The Role of Public Opinion Research in the Democratic Process: Insights from Politicians, Journalists, and the General Public

Henning Silber, Allyson L. Holbrook, Timothy P. Johnson


This study reveals the existence of a paradox in how the public views polling within the democratic process. Specifically, even though the public believes that it can influence poli­cymaking, it considers public opinion polls not as useful as other, less representative forms of public input, such as comments at town hall meetings. Analyzing data from multiple surveys conducted in the United States of America, we find no evidence for the demo­cratic representation hypothesis with respect to polling. Comparisons across stakeholders (public, journalists, and politicians) demonstrate that general perceptions of inputs into the democratic process are similar, which confirms the citizen-elite congruence hypothesis. However, unlike members of the public, experts are more likely to believe that public opin­ion polls are the optimal method by which the public can successfully inform policymak­ing, a finding consistent with the legitimization hypothesis. With respect to perceptions of politicians, we found substantial differences regarding party registration with Democrats and Independents favoring public opinion polling and Republicans preferring alternative methods (e.g., town hall meetings) of informing policymakers.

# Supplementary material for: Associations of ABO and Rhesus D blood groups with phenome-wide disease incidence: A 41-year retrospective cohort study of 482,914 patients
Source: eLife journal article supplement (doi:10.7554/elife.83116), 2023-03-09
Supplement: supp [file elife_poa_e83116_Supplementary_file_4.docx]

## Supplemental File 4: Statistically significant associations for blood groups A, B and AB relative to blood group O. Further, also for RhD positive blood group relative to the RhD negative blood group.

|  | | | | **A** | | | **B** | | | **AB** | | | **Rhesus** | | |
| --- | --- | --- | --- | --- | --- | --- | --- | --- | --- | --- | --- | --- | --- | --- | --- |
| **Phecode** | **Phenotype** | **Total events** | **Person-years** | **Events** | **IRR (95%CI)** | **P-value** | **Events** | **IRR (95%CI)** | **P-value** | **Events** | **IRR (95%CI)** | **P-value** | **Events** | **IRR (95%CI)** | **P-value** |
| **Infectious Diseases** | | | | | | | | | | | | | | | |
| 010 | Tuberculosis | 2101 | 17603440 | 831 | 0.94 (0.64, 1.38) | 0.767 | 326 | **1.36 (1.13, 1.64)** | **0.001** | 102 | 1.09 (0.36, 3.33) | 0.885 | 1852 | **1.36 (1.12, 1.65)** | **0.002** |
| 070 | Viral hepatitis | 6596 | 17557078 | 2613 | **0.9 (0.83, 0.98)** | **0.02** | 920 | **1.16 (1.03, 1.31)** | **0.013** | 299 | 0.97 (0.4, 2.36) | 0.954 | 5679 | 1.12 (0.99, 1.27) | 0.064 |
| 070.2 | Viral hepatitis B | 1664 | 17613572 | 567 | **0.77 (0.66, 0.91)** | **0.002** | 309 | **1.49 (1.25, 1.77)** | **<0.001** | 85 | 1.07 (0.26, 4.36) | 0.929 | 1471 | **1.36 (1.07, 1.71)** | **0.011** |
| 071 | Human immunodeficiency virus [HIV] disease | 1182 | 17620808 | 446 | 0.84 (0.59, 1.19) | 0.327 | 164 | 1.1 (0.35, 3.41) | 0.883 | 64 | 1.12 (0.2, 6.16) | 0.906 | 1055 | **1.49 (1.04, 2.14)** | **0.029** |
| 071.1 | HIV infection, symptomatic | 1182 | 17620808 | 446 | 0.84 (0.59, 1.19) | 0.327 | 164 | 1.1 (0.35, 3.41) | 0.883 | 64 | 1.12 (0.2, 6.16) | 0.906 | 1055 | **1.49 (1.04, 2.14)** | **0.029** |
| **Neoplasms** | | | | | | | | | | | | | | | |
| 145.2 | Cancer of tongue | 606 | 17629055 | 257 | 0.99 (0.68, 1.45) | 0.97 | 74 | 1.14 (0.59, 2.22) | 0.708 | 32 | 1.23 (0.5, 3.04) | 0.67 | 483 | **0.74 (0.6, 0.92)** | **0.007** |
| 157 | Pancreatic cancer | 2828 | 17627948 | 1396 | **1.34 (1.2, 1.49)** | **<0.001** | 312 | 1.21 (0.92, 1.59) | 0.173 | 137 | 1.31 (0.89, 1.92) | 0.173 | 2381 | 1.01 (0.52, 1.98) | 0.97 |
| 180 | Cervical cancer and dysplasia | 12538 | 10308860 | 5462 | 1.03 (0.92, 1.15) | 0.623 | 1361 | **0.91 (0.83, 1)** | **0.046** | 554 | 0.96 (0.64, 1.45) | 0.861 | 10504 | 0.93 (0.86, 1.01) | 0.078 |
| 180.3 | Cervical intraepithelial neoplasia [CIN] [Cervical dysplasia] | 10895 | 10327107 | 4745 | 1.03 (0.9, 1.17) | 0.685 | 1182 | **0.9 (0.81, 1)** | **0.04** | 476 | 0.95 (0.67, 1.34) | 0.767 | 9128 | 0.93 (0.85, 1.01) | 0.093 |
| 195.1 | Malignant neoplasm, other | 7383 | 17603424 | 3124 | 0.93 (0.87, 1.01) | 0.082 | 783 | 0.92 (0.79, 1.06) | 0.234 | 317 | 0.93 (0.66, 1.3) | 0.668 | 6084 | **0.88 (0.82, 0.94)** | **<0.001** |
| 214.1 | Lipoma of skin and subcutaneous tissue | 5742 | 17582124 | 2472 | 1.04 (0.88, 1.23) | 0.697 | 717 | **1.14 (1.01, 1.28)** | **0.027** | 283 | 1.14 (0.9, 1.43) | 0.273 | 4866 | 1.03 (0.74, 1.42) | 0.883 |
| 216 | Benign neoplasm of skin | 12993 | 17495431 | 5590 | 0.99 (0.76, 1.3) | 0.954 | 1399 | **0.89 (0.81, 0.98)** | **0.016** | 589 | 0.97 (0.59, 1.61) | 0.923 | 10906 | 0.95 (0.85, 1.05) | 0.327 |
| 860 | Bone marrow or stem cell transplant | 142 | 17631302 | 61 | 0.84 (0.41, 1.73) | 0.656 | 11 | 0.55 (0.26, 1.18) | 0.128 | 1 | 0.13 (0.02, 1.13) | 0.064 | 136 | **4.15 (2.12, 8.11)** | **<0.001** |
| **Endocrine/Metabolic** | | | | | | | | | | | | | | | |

public opinion research, public policy, democratic representation, policymaking, survey value, preferences, media, politicians

Full Text:




  • There are currently no refbacks.

Copyright (c) 2022 Henning Silber, Allyson L. Holbrook, Timothy P. Johnson

Creative Commons License
This work is licensed under a Creative Commons Attribution 4.0 International License.